Thurston Moore's The Best Day is not his best record
Thurston Moore’s latest album, The Best Day, sees him return to songwriting after his public (at least in the alt-rock world) divorce from Kim Gordon, his wife/bandmate/collaborator of nearly 30 years. This separation saw Sonic Youth guitarist Lee Ranaldo announce the band’s indefinite (infinite?) hiatus.
Oddly, this album sees Moore essentially continue the Youth’s oeuvre, complete with female bass player extraordinaire in Debbie Googe (of My Bloody Valentine). All of the songs feel and sound like Sonic Youth tracks, especially the opening double freak-out of “Speak to the Wild” and “Forevermore”. Combined, the songs fill the first 20 minutes of the record, and from the opening open-tuned harmonics of the former to the fuzzy, discord vamp of the latter, it just sounds like a lacklustre Youth record, lacklustre because that youthful experimentalism has faded. Where “Teen Age Riot” feels like the bubbling guitar is on the verge of boiling over, “The Best Day” simply feels like a simmer.
That’s not to say Moore and co. are just going through the motions. It’s just that we’ve basically heard The Best Day before; simply pick an album at random from his extensive back-catalogue, with Sonic Youth and solo, and it’ll be represented here. The heady jams of the Youth are found throughout the album, from the two opening tracks, the title track, and, aside from the sprinkling of acoustic tracks, into the rest of the album, which is padded out with ‘normal’ sized songs, that average three minutes. This gives the album a top-heavy feeling, its length being heavily skewed to the start of the album, the latter half sort of whizzes by.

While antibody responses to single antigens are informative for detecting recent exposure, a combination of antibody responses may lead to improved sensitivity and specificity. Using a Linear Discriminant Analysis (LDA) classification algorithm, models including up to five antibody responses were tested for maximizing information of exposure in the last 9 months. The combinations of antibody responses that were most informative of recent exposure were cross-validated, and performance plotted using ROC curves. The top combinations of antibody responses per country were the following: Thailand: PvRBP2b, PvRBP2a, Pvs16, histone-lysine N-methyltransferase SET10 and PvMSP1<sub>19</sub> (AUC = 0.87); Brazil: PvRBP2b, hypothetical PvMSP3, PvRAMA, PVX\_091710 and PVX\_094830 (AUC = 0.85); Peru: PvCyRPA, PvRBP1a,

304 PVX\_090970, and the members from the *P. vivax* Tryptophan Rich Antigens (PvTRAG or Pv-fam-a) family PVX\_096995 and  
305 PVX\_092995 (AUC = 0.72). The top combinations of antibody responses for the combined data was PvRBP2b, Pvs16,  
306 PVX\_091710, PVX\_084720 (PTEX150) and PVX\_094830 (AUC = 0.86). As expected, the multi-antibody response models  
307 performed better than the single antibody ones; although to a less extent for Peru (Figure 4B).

Those acoustic songs feature some of the most interesting instrumentation and experimentation that Moore displays here. “Tape” is a misty Celtic sounding song, with furiously down strummed and (of course) oddly tuned acoustic guitars, but they sound light and steely, not thin and bashed. Its opening is a testament to Moore’s now second-nature skill of making the oddest sounds become mundane: I can only describe “Tape”’s opening minute to be the sound of guitar strings strung tightly between to poles and hit with chop sticks.
Those sounds return somewhat in “Vocabularies”, albeit they’re not quite as impressive second time round. And that seems to be The Best Day’s overall issue; the sounds contained within its 50 minutes are great, it’s just they've been done before, and done better, by the man himself. This time Moore seems content with just doing what he’s good at, and the record suffers from an aural case of déjà vu.